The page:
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Clever Campaigns VS Heavy Facebook Ads

Back in 2009 I put together my dissertation on advertising in social networks and how brands may struggle to be seen amongst the clutter.  Although some of the examples are quite dated the theory still appears relevant. Here is chapter 2.8: The positive and negative outcomes:

Addressing the right people, in the right concept can show positive results for organisations.

Dell Inc, one of the most highly recommended computer manufactures was struggling in the market back in 2006, as they saw a heavy decrease in shares after facing competition from other brands such as Hewlett Packard. To regain strength they decided to employ Federated Media (social Media marketing agency) to devise a creative application on Facebook. Dell had decided to win back most valuable customers by devising a Regeneration Graffiti contest. This enabled users to devise art work that would be used in their next campaign. Incentives were put forward as an award so that the winner would receive a Dell product.  The results showed,

‘1.1 million people voted on their favourite illustration, 7,300 people entered a submission, the contest has almost 1,300 friends, and there are currently 209 comments to the post at ReGeneration.org announcing the winners.’ (Taylor: 2008)

With such a high response rate Dell gained the mass attention intended for and consumers were happy to do something for the brand if they were rewarded for it.

‘Unlike most marketing campaigns that deploy heavy ads, fake viral videos, or message bombardment, this campaign let go to gain more. Overall, this is a successful campaign as they turned the action over to the community, let them take charge, decide on the winners, all under the context of the regeneration campaign.’ (Owyang 2008),

Brands that interact with their target audience through Facebook will also receive important Feedback which is something Marmite discovered through their clever approach.

‘Marmite has created a branded group on Facebook that asks members to declare their love or hatred for the brand, and invites them to suggest how the product could be improved.’ (Campaign2008)

Gaining response in this format is less time consuming, easily constructed and decreases expenditure. This was a powerful way of gathering useful feedback and encouraging Word of Mouth. Applying this to the weak theory, Marmite nudged their consumers to voice their opinion which enabled them to gather necessary feedback. Without invading people privacy, they cut through the clutter tactfully.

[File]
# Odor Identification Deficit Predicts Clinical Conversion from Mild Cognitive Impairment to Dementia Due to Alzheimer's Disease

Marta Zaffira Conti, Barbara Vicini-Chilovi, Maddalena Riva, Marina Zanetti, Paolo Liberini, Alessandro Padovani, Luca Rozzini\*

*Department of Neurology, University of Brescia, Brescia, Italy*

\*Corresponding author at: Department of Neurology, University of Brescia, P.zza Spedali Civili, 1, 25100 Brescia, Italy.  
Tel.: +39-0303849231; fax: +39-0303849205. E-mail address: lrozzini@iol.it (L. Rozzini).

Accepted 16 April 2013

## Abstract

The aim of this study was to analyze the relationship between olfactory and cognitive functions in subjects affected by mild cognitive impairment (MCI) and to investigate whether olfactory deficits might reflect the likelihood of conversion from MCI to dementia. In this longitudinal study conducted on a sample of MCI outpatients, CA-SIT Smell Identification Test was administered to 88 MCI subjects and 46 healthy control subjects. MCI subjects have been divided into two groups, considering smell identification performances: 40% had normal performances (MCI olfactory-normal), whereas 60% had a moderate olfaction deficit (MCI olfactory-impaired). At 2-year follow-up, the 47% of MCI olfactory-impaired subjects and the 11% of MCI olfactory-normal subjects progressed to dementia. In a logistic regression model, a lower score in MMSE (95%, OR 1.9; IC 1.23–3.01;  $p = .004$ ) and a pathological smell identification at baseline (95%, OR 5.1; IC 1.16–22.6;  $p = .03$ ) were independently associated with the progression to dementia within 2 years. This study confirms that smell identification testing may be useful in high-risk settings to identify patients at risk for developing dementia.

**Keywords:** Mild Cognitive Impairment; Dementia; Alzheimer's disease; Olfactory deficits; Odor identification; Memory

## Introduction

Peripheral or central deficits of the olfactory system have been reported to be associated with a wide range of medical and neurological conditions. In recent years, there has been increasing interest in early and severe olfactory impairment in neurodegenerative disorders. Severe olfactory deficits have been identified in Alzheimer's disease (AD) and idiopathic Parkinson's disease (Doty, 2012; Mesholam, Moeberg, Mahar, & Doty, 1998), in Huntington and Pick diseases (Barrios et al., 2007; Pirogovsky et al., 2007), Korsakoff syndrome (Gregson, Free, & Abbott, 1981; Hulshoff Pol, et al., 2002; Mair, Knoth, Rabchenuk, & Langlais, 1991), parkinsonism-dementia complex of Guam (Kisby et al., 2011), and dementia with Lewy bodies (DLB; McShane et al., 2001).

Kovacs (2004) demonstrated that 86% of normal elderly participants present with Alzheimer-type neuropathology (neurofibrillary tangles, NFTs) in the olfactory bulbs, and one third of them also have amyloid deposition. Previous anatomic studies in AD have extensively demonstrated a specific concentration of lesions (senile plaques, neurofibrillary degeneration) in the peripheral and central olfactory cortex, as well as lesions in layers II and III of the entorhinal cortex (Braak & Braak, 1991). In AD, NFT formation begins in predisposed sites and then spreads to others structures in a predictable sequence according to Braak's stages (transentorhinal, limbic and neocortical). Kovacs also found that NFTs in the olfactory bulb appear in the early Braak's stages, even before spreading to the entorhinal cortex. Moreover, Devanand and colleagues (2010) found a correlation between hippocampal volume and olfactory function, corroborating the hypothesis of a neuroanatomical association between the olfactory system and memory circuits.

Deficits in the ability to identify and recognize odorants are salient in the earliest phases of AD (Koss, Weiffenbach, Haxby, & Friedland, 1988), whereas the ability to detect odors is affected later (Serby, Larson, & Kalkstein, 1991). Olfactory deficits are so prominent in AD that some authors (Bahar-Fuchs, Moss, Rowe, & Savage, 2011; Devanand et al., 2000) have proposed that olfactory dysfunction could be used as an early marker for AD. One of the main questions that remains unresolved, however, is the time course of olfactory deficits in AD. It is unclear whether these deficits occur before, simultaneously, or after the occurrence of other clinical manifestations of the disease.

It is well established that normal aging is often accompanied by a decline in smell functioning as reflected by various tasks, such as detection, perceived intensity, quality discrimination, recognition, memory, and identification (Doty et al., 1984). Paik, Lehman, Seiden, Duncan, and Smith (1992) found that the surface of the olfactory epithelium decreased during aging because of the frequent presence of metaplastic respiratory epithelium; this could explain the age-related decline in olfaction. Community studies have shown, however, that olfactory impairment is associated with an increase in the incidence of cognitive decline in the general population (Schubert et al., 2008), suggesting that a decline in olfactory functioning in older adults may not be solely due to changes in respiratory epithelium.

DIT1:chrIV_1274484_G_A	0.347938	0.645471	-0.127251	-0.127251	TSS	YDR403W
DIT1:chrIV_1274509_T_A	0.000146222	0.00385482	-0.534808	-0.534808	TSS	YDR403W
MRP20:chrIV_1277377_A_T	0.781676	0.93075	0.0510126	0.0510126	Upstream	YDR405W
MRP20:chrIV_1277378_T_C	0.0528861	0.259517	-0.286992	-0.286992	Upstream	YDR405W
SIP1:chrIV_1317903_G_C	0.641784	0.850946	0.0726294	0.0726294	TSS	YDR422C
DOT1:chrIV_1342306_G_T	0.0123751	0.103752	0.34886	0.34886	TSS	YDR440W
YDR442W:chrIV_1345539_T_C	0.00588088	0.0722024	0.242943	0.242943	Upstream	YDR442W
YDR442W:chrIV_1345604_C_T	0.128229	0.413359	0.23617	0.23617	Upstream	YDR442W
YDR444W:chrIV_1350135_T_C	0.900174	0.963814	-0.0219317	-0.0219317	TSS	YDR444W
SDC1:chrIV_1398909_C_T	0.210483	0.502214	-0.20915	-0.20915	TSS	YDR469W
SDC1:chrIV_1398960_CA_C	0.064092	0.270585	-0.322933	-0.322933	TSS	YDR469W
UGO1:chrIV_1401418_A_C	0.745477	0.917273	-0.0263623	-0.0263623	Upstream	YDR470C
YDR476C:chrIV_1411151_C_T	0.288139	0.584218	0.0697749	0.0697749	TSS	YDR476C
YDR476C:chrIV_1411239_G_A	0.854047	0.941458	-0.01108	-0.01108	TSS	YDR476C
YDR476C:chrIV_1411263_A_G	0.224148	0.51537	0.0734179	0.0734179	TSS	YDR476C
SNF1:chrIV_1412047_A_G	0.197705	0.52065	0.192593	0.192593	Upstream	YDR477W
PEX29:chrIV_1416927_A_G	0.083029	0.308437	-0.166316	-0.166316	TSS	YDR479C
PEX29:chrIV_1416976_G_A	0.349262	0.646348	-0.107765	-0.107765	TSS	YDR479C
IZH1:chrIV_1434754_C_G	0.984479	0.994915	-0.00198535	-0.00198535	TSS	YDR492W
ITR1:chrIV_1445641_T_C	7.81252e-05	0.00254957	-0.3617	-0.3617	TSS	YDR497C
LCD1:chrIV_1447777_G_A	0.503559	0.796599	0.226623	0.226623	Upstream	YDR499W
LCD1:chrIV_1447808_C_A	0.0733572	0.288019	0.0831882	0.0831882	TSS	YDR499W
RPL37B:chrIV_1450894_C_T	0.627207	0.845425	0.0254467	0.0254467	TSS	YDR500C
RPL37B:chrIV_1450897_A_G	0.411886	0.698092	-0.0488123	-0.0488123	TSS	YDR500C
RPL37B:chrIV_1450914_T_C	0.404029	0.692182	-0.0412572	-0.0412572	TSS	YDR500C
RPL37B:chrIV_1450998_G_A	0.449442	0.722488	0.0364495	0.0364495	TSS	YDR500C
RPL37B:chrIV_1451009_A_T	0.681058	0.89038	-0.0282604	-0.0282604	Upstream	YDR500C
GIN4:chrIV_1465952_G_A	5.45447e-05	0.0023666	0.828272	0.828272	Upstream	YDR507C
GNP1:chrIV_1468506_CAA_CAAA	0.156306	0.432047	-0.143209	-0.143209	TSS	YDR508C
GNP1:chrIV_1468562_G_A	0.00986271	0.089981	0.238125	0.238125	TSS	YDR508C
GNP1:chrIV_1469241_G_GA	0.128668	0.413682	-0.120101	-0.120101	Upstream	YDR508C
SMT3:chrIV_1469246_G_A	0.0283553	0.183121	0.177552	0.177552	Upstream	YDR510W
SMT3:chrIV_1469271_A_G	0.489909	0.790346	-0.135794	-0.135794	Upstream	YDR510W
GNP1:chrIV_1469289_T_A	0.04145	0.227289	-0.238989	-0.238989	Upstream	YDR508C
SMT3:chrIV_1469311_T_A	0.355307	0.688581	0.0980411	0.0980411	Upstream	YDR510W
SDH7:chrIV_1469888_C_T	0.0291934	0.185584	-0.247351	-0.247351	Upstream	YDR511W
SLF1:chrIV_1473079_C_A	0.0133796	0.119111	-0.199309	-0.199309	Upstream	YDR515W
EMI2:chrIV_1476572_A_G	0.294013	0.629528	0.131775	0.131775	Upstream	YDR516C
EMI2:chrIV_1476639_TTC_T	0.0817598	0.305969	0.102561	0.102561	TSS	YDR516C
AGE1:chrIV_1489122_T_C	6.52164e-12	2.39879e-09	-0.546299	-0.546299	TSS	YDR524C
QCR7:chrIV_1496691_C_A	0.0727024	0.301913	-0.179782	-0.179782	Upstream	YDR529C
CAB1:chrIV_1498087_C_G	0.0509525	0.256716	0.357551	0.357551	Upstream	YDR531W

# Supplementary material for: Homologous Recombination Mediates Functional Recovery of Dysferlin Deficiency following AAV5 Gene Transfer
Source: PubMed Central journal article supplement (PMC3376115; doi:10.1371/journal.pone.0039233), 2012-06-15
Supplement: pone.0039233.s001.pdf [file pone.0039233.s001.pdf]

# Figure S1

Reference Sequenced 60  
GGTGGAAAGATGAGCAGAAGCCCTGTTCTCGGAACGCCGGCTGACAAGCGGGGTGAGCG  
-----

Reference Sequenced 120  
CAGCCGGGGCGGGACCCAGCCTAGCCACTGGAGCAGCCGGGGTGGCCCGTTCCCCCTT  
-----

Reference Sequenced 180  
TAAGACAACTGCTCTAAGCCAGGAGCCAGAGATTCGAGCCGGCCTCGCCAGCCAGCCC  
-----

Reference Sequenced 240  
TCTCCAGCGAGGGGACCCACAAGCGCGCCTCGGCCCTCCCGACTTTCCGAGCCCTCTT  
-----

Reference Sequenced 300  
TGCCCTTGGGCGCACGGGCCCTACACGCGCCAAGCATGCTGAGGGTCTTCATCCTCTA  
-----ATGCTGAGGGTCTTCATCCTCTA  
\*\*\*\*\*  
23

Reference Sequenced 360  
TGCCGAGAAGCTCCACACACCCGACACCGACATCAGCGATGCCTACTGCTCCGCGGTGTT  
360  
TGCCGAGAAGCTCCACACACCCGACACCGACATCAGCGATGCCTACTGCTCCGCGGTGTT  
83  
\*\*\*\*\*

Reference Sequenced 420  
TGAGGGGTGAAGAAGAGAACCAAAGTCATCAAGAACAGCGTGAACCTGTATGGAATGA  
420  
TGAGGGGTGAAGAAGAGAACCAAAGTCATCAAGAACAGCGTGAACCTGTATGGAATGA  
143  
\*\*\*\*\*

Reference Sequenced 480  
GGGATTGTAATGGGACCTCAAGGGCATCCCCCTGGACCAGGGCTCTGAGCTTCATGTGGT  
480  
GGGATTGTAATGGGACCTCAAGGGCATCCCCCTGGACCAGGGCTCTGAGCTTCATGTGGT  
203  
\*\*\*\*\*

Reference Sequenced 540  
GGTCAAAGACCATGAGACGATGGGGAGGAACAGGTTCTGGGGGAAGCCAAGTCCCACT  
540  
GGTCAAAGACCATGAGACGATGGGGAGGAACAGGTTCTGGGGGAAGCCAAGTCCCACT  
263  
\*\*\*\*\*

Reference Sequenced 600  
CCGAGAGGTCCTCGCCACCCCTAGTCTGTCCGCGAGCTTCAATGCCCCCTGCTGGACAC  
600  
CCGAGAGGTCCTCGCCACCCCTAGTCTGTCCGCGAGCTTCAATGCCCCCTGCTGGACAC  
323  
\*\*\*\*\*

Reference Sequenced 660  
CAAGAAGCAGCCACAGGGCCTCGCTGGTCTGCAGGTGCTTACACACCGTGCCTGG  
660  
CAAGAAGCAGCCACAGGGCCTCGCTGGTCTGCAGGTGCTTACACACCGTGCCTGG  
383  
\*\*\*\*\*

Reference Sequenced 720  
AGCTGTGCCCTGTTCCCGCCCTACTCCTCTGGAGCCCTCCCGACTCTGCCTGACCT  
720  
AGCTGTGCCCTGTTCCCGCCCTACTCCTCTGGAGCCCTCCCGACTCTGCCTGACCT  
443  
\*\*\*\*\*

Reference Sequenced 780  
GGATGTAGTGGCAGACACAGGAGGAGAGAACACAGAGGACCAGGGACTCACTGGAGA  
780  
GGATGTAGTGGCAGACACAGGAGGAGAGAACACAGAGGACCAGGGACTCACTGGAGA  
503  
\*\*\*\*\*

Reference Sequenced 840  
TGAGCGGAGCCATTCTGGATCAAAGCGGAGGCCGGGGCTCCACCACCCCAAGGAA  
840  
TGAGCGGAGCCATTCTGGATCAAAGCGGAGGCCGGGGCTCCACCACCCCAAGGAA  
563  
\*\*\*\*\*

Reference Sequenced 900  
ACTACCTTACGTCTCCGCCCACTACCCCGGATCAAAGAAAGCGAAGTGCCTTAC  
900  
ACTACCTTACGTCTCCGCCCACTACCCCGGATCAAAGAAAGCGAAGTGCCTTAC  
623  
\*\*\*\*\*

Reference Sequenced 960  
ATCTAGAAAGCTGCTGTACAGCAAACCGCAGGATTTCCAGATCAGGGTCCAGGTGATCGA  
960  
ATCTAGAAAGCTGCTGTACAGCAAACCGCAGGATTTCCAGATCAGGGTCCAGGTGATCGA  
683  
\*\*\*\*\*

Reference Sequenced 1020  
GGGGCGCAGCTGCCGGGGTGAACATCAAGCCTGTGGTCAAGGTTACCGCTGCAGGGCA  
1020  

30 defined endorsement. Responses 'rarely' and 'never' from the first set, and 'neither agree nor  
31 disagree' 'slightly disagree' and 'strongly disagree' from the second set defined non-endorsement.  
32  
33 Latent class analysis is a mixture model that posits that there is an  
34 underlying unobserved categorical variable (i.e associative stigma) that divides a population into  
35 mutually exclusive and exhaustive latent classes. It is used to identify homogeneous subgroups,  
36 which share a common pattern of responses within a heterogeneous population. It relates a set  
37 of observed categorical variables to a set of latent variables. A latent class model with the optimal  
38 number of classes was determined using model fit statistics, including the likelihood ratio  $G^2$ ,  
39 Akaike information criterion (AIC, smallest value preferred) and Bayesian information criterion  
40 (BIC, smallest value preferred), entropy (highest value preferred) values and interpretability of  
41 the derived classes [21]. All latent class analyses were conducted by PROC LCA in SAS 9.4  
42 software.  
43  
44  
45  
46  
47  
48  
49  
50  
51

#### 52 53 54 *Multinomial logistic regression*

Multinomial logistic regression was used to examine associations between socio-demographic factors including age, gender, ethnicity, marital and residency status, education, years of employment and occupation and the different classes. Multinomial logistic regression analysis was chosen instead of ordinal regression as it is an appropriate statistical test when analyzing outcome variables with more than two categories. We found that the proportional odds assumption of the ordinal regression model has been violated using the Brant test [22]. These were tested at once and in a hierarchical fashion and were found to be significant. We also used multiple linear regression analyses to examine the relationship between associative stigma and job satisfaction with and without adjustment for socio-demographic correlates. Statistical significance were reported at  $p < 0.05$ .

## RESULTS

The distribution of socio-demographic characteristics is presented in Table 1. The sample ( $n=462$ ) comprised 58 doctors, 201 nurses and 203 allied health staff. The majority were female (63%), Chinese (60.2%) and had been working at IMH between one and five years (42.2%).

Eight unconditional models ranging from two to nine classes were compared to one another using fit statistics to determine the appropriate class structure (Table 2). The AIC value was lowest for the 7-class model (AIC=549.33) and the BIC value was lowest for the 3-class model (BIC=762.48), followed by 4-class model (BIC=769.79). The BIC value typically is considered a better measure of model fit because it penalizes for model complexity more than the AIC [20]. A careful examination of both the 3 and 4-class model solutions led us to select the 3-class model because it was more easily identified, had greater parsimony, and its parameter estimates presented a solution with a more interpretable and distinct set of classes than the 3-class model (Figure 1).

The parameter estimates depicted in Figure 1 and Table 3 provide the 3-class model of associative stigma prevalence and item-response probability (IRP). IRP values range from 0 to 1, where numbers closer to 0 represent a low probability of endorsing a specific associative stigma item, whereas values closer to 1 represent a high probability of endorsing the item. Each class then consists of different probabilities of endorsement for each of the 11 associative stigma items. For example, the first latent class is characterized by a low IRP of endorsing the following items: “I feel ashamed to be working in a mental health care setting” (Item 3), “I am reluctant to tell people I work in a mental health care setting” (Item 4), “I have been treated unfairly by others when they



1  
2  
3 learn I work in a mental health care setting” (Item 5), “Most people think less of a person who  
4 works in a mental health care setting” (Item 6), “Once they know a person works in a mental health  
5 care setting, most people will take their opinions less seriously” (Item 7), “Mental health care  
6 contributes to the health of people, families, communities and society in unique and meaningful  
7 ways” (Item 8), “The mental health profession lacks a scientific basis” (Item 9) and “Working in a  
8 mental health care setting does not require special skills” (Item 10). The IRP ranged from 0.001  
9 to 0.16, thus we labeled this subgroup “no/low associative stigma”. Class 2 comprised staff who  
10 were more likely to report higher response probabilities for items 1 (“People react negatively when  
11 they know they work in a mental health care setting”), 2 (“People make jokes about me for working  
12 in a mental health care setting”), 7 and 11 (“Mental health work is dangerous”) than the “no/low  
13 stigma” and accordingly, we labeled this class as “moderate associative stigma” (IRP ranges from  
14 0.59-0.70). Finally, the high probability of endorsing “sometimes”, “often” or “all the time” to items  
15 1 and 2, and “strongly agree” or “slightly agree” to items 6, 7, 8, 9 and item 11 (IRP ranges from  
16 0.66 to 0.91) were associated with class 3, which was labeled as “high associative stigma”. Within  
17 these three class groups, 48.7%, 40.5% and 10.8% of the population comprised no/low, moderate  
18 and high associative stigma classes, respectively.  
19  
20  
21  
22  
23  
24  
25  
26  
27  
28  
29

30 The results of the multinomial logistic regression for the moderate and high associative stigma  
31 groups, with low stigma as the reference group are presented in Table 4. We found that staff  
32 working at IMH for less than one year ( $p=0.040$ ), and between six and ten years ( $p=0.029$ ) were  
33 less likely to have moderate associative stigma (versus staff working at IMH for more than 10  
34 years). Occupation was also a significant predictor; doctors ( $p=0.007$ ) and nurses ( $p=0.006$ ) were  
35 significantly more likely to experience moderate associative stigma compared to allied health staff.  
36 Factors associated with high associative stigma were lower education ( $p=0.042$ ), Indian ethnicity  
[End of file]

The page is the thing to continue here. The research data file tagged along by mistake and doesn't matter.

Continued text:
‘social networking sites can add value and generate revenues through advertising, subscription, and transaction models, (Enders et al, 2008) identified the number of users, their willingness to pay, and their trust in peers and the platform as the key value drivers.’ (Page 2008)

However there are dangers of clever campaigns having the opposite effect to how you wish, New Media Age editor Justin Pearse said:

“On the Internet you often have little control of where your ads are shown, something that’s been highlighted by the unwitting association of some of the UK’s favourite brands with a highly controversial political cause.”

‘Companies withdrew advertisements from Facebook after they appeared on a British national Party page, these companies included major chains such as Vodafone and Virgin media, whom said they needed to ‘protect their brand’ (BBC, 2007)

This proves that well known, popular brands have experienced negative effects as their good intentions have fallen back on them.

‘Cova and Cova warned, online groups are very different from those in the offline world. Their behaviour is active, resistant. If we are learning anything in the digital arena, it is that it may be dangerous to talk simply of herds, because those brands that are succeeding in this space are not those that try to herd, but those that give consumers reasons to rally together as active packs.’ (Morning 2008)

Burger King was also a company that experienced negative response as they devised a clever campaign to introduce their new ‘whopper’, but it didn’t quite get the response it was looking for. The popular Fast food brand asked Facebook users to de friend ten people in exchange for a free whopper.

The application raised interest but within a short period of time it started to appear incredibly intrusive, being unable to meet the user’s expectations and was therefore removed.

“Facebook has disabled Whopper Sacrifice after your love for the Whopper sandwich proved to be stronger than 233,906 friendships.” (LaVallee :2009)

Although this is seen as an example of companies trying to push their way through the clutter it can also be a result of bad advertising and ineffective targeting.

‘If you deliver value, people will get involved … If you go over and above what people expect and create super satisfaction amongst the right people, that’s when you generate advocacy.’ (James 2008)

It only takes one person to pass on negative vibes about a brand to create damaging effects and It is not necessarily how well brands construct messages and deliver them accordingly, it can be a case of who they target first, in what way and how this message is passed on.

Market research has shown that it can be suggested we are not individuals within the decision making process, ‘Mark Earls states that ‘we are who we are and do what we do as a herd not as individuals.’ (Mackay 2005:32)

‘Earls asserted that humans have an innate herding instinct; that as individuals we gravitate towards behaviours dictated by the wider group, following the crowd as it were,’ there is much evidence that the latent desire to herd is as strong in our online environment as the it is offline. (Morning 2008)

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